Elvis Presley: Girl Happy

Elvis catches an ocean’s worth of memorable pop songs

There are a number of commonly held misconceptions about Elvis Presley’s film career: Elvis couldn’t act, his movies were all throwaways, and the soundtracks were populated entirely with substandard material. But key films in the King’s catalog show that he could indeed act, if called upon, there are several high-quality dramatic and musical films in Elvis’ oeuvre, alongside many good lightweight romantic musical comedies, and his soundtracks are laced with hits and terrific albums sides. To measure the highpoints of Elvis’ soundtrack catalog by virtue of the low points (of which there are admittedly many) is to miss out on a valuable dimension of Presley’s musical career.

1965’s Girl Happy was Elvis’ seventeenth film, the second of three with the word “Girls” in the title, and the first of three featuring co-star Shelley Fabares. Though the beach party plot was nothing new, Elvis generated some sweet chemistry with Fabares, and seemed more interested in the soundtrack than he had on the previous Roustabout. The soundtrack was recorded in Hollywood with the usual mix of West Coast studio players (including guitarists Tiny Timbrell and Tommy Tedesco), Nashville transplants Floyd Cramer and Boots Randolph, and longtime Elvis associates Scotty Moore and the Jordanaires. The songs were penned by the usual crew of Sid Tepper, Roy C. Bennett, Sid Wayne, Ben Weisman, and the trio of Florence Kaye, Bernie Baum and Bill Giant. Unlike Elvis’ previous outing nowever, the lightweight songs are quite surprisingly memorable.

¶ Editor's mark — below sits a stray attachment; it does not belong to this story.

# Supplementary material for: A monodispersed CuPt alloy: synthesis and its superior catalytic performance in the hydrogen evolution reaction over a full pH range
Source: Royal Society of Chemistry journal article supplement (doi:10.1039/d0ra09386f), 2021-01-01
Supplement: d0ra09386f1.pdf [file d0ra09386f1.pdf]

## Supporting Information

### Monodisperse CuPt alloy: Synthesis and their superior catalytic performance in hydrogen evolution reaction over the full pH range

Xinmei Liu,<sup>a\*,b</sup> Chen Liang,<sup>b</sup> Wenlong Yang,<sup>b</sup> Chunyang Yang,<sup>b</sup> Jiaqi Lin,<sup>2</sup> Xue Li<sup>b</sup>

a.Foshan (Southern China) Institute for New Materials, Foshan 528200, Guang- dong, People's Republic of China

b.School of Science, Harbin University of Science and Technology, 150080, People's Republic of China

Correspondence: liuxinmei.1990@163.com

The film opens with Doc Pomus and Norman Meade’s exuberant title theme, and even the throwaway lyrics of “Startin’ Tonight” can’t dim it’s rock ‘n’ roll energy. Elvis and the Jordanaires just about run out of breath on Joy Byers’ “The Meanest Girl in Town” with Boots Randolph adding a wailing sax solo. The calypso “Fort Lauderdale Chamber of Commerce” is cleverly written, the ballad “Do Not Disturb” gives Elvis a chance to do some romancing, and “Puppet on a String” is sweet and tender. The film’s performance centerpiece, “Wolf Call,” is just as much fun on CD as it was in the fictional club scene, and makes you wish that Gary Crosby had really been in Elvis’ band!

“Do the Clam,” one of the album’s two hits (the other was “Puppet on a String”), will have you dancing the sensation that didn’t quite sweep the nation, and the CD includes the original soundtrack bonus, “You’ll Be Gone.” Recorded in 1961 the latter song is one of Elvis’ few co-writes, and was tacked onto the album despite not having been used in the film. Sony’s reissue features a four-panel booklet and no liner notes discussing the music or its making. The 24-minute running time suggests that the earlier import two-fer or Follow That Dream’s collector’s edition might be more compelling to Elvis diehards. Still, the budget price and remastered sound make this reissue very attractive. [©2010 hyperbolium dot com]

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